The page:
Clean energy development must be tied to robust climate plan.
As the B.C. government grapples with the looming Site C dam decision, it’s important not to lose sight of one thing: Our province’s efforts to tackle human-caused climate change are indelibly linked to today’s energy choices.
British Columbians expect Premier John Horgan’s government to deliver on its promise of a new climate plan that gets us back on track to our targets for fighting carbon pollution. The magnitude of action that’s necessary to achieve B.C.’s climate goals — which are, in turn, integral to Canada fulfilling its international commitments under the Paris Agreement — cannot be overstated. With or without Site C, we need a robust made-in-B.C. strategy that goes far above and beyond business as usual.
We can imagine what B.C.’s low-carbon economy will look like. We will live in denser communities and use energy much more efficiently. Clean electricity will heat our homes and buildings, and power our vehicles and industry.
So far, we only have broad brushstrokes. The Climate Leadership Team provided a well-grounded blueprint in 2015. But we are now two years down the road. Due to the previous government’s inaction, B.C. still lacks many of the forward-looking policies and regulations needed for the transition — something the current government has the opportunity to remedy.
As the cheapest and easiest way to avoid waste, save money, and lower carbon pollution, energy efficiency is a no-brainer. Although, for example, replacing the windows in our homes and improving the insulation in our walls is progress, efficiency and conservation alone will not get us to where we need to go. We need action on a much greater scale.
Sector-specific targets for reducing carbon pollution and the revival of the Innovative Clean Energy Fund are among the promising climate action tools mentioned in ministers’ mandate letters. Success will require close coordination among all government ministries and economic sectors. All relevant policies, programs, and projects must be tied to a wide-reaching plan that reimagines our relationship to energy and how we use it.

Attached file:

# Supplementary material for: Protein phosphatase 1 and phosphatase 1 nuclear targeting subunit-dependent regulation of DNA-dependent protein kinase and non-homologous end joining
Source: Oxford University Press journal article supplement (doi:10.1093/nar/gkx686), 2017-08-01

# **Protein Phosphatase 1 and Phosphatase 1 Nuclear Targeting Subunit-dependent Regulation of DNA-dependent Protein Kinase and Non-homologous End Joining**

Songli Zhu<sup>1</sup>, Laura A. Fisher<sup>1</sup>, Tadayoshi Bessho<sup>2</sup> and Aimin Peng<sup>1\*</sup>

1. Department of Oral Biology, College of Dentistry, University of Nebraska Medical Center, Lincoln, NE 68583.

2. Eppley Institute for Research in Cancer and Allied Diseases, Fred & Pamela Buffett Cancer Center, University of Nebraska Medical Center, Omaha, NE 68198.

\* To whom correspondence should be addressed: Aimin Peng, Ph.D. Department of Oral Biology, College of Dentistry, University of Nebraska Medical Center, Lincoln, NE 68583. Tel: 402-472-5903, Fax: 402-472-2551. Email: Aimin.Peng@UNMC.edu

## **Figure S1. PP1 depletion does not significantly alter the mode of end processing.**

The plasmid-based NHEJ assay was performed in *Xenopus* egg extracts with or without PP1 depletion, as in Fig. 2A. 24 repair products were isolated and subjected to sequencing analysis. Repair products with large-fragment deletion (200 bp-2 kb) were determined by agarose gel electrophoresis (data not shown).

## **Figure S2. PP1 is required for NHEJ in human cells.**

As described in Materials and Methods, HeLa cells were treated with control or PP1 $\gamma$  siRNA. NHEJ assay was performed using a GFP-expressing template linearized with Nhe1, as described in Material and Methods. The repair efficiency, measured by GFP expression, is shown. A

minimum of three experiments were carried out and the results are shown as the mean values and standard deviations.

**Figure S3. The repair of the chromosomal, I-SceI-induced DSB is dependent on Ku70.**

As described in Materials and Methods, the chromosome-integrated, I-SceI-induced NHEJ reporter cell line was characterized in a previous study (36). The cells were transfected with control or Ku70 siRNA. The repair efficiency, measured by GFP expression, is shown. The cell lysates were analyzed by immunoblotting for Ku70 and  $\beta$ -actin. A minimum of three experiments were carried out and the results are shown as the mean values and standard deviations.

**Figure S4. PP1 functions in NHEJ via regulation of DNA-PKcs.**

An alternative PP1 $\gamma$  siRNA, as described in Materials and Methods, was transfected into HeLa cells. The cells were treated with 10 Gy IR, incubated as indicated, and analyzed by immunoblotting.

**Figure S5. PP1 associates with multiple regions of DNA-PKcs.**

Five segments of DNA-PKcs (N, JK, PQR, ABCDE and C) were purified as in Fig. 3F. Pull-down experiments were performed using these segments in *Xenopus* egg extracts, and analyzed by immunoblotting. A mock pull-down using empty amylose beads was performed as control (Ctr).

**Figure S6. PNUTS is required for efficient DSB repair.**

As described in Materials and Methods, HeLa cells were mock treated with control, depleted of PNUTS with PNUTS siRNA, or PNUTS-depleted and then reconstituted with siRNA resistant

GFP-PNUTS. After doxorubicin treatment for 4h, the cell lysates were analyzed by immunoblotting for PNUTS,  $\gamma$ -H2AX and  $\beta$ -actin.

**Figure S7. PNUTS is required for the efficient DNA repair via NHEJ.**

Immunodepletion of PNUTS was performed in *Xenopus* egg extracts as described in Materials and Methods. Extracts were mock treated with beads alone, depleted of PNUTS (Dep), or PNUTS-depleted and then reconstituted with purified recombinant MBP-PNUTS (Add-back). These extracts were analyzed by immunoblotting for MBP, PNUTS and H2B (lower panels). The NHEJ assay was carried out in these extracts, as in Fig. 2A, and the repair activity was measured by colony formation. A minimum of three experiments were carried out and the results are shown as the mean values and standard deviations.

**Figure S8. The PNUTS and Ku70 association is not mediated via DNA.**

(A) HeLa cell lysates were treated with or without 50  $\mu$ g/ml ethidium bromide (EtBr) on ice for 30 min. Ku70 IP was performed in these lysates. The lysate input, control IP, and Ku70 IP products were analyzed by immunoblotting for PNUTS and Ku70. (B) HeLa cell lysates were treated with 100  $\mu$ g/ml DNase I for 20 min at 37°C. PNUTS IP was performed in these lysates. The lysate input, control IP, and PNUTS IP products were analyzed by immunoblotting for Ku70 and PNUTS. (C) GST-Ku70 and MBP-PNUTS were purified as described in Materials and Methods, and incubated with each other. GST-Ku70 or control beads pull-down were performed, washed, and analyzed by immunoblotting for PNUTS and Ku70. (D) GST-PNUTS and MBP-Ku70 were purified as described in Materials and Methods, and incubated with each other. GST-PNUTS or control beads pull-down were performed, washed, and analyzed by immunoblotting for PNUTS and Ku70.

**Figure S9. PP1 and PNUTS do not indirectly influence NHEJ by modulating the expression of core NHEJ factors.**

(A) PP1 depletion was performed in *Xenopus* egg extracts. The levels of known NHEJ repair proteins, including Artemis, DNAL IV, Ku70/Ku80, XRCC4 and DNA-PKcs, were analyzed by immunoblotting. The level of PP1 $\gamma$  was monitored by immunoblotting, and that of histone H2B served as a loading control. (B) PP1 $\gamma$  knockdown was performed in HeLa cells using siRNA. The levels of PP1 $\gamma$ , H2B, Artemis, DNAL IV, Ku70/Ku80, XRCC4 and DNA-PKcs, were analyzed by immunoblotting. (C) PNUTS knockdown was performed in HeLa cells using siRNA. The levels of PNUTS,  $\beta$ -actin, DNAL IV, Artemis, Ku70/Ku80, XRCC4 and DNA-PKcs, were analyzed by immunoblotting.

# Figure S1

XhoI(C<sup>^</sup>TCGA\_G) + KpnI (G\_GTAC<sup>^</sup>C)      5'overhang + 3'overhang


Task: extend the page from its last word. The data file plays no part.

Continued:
In B.C., we still rely heavily on fossil fuels to heat and power our homes, buildings, vehicles, and industry. Indeed, fossil fuels currently supply four times more energy than hydro in the province. Therefore, B.C. must plan for a smooth transition from fossil fuels to renewable energy. More clean electricity is essential for decarbonizing our economy. However, renewable energy development doesn’t equal climate action without a plan to cut down on carbon pollution.
B.C. should increase incentives to spur innovation in our vibrant clean tech sector to find leaner, low-carbon ways to power industry and to design better storage solutions to maximize the value of solar, wind, run-of-river, and other renewable energy projects. In mapping out our clean electricity needs, we have a generational opportunity to advance reconciliation with indigenous peoples through renewable energy partnerships. Certainly, a made-in-B.C. plan must respect the United Nations Declaration on the Rights of Indigenous Peoples, take ecological impacts into account, and protect equity and affordability.
This fall, the government sent out positive signals in its throne and budget speeches, and by establishing the Climate Solutions and Clean Growth Advisory Council. British Columbians will be looking for proof that a strong climate plan is a recipe for a better B.C. — a province with a prosperous economy, safe communities, and healthy families for generations to come.
After the dam decision, let’s make sure we show the world that B.C. is the place to invest in clean growth.
Karen Tam Wu is acting B.C. director at the Pembina Institute, Canada’s leading clean energy think-tank, and a member of B.C.’s Climate Solutions and Clean Growth Advisory Council. Learn more: www.pembina.org